He said that customers in Barstow, Adelanto, Victorville, Chino Hills, San Bernardino and Grand Terrace have lower rates than those in Colton, but that in Highland, Rancho Cucamonga, Fontana, Montclair, Ontario, Chino and Redlands, customers, or at least residential customers, are currently paying higher trash rates than in Colton.
Toro said he had considered the service and rates offered by CR&R, Burrtec, Republic, Valley Vista, Athens and Waste Management in comparison with those offered by CR&R. He suggest, without saying so definitively, that CR&R was holding its own.
While sidestepping the consideration that Taormina/Republic/CR&R have already secured a 30-year franchise without again undertaking a competitive bidding process and that if the CR&R franchise contract is rolled over, Colton will go at least 40 years without competitively bidding the contract, Toro dismissed suggestions that the 10-year duration of the contract extension now being discussed is too long. He referenced multiple franchise contract durations locally that equal or exceed the ten-year period, including San Bernardino with 10 years, Bloomington with a 15-year franchise, Highland with a 20-year plus arrangment; Fullerton with 18 years and Cypress with a 10-year contract.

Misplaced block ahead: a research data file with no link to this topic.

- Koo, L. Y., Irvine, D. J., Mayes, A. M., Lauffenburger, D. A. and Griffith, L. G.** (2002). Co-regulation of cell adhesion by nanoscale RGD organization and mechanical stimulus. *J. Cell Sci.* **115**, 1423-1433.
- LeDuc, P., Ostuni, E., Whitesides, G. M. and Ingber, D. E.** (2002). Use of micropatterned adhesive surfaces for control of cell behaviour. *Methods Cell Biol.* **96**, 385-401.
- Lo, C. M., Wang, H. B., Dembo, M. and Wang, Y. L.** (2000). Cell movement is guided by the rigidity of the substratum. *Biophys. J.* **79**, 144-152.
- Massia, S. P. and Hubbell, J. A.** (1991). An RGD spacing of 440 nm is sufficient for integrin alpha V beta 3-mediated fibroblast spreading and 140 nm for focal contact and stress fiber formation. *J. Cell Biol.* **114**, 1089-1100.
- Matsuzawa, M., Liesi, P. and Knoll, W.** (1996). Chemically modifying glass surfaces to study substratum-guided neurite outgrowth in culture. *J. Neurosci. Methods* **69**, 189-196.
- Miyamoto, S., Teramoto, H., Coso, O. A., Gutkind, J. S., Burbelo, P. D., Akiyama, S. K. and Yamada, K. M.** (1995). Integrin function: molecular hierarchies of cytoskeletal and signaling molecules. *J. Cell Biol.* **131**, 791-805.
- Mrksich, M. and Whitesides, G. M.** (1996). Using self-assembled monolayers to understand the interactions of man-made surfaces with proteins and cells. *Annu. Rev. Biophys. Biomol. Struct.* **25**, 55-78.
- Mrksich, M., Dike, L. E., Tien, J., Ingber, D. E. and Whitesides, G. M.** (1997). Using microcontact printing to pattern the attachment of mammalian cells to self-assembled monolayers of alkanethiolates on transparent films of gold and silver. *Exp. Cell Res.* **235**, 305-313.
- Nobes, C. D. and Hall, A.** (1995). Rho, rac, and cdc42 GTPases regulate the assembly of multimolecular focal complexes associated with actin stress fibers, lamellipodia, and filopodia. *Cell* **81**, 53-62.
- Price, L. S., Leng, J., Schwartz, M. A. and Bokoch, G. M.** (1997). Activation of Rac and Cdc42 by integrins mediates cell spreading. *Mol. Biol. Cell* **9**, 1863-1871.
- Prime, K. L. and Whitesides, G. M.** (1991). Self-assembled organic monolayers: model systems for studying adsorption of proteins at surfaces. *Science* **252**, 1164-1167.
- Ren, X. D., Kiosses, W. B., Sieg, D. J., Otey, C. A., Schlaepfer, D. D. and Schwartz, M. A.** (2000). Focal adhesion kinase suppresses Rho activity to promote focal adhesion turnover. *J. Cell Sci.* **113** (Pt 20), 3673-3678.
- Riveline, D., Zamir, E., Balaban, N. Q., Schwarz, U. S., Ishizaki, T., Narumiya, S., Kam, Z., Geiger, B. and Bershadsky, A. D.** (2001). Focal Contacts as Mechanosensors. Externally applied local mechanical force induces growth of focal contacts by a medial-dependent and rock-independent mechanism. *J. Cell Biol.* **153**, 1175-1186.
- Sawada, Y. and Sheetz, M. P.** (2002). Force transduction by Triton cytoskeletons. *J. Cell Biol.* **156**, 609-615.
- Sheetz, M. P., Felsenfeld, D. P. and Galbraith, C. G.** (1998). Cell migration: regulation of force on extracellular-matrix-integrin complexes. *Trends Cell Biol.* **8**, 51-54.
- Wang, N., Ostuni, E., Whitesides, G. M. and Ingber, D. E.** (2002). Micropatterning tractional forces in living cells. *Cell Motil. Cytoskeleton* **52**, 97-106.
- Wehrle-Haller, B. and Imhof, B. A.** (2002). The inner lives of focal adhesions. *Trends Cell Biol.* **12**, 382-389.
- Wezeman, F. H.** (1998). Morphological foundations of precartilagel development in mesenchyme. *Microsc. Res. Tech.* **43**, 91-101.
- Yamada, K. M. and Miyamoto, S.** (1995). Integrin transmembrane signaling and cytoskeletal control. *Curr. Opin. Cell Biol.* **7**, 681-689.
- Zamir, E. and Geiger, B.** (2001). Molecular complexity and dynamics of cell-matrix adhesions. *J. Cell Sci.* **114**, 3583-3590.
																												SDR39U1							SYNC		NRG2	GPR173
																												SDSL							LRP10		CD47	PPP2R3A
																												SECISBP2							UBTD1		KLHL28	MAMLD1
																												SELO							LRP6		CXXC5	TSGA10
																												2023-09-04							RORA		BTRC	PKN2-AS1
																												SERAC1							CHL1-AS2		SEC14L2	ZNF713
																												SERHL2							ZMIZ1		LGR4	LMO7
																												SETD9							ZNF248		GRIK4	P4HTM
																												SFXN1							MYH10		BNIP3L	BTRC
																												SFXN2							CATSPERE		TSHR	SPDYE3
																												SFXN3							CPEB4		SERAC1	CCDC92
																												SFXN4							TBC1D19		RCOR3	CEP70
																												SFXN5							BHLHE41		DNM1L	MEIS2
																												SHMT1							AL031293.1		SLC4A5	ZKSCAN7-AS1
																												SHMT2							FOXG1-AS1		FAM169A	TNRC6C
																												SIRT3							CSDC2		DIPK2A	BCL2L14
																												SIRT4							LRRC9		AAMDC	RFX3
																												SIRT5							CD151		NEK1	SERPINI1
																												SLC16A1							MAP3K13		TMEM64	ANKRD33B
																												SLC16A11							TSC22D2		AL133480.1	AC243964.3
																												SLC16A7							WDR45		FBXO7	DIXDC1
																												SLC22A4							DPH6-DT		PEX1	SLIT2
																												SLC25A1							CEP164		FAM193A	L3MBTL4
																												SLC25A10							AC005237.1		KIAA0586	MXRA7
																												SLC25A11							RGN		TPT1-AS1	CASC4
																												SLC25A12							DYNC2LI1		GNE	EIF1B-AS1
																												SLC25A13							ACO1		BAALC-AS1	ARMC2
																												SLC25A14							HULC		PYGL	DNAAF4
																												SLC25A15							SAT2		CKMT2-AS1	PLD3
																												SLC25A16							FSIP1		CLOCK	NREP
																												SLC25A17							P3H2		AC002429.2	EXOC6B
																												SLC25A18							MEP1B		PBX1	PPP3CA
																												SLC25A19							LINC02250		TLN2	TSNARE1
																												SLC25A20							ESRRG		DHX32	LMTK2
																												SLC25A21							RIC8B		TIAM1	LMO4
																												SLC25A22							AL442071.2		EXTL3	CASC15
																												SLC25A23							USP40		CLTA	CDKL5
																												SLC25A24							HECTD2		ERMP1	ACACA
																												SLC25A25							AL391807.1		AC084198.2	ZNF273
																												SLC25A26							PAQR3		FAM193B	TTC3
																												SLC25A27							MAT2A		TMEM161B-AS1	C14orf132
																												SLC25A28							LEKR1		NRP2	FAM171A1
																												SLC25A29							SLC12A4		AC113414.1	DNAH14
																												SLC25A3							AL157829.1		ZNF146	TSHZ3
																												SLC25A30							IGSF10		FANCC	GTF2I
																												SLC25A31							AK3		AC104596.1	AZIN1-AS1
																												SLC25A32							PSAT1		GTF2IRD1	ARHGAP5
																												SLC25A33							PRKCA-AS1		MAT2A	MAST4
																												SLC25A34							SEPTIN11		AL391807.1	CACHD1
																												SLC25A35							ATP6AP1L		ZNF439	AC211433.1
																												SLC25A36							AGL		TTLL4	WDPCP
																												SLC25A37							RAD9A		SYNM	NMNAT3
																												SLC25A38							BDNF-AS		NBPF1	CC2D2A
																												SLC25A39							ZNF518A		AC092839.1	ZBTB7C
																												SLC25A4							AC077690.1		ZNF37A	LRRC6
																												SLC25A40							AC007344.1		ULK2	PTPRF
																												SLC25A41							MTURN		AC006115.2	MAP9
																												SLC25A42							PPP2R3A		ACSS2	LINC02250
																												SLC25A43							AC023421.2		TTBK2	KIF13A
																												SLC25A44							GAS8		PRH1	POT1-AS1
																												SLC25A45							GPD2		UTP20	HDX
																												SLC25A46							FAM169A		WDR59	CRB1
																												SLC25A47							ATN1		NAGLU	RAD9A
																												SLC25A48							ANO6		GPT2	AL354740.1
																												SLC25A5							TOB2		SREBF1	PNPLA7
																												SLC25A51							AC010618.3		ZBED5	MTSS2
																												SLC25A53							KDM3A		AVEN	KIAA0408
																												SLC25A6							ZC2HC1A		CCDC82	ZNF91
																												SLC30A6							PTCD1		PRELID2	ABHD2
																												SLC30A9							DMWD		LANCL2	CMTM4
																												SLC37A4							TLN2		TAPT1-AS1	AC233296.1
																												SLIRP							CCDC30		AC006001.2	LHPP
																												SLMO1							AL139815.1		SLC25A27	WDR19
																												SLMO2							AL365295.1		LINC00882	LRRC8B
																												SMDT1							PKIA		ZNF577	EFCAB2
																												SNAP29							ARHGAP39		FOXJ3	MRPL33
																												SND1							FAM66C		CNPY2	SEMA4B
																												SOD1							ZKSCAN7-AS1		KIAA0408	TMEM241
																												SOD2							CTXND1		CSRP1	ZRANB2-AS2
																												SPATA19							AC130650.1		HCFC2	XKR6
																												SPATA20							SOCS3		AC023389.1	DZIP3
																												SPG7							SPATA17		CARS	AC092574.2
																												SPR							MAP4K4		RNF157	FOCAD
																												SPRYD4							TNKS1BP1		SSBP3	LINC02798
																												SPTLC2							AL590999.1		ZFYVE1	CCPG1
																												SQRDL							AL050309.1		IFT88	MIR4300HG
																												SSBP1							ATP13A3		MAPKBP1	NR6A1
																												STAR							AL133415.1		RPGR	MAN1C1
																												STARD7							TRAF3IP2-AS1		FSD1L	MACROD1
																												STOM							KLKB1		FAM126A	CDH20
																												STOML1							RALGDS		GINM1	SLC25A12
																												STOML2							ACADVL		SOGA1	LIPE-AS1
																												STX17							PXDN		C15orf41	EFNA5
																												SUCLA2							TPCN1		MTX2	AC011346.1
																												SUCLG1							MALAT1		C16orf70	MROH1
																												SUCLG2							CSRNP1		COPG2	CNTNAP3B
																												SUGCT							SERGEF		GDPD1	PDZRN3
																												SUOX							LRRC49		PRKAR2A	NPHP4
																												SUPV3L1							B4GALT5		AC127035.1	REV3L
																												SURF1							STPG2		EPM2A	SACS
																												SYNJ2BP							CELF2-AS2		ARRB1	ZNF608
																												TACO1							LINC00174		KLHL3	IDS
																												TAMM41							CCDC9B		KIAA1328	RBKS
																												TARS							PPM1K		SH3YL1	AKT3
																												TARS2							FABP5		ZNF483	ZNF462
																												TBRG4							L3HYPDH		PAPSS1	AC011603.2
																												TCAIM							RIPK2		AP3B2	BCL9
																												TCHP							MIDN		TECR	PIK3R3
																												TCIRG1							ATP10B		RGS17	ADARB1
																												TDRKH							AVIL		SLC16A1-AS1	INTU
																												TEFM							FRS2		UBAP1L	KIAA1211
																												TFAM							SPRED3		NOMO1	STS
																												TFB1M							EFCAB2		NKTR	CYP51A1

In expressing his rationale against putting the contract out to bid, he raised the specter of Burrtec, which already has an overwhelming number of trash hauling franchises among county cities, prevailing in the competition.
“For our surrounding cities, Burrtec has all the cities except Colton and Loma Linda,” Toro said. “In a sense, my opinion is Burrtec has a monopoly on this area. If they get Colton and maybe Loma Linda, they own this. And what happens when a company has a monopoly? They can do whatever they want.”
Toro explicated what is for him a pointedly idiosyncratic objection to the the practice of carrying out open public competitive bidding.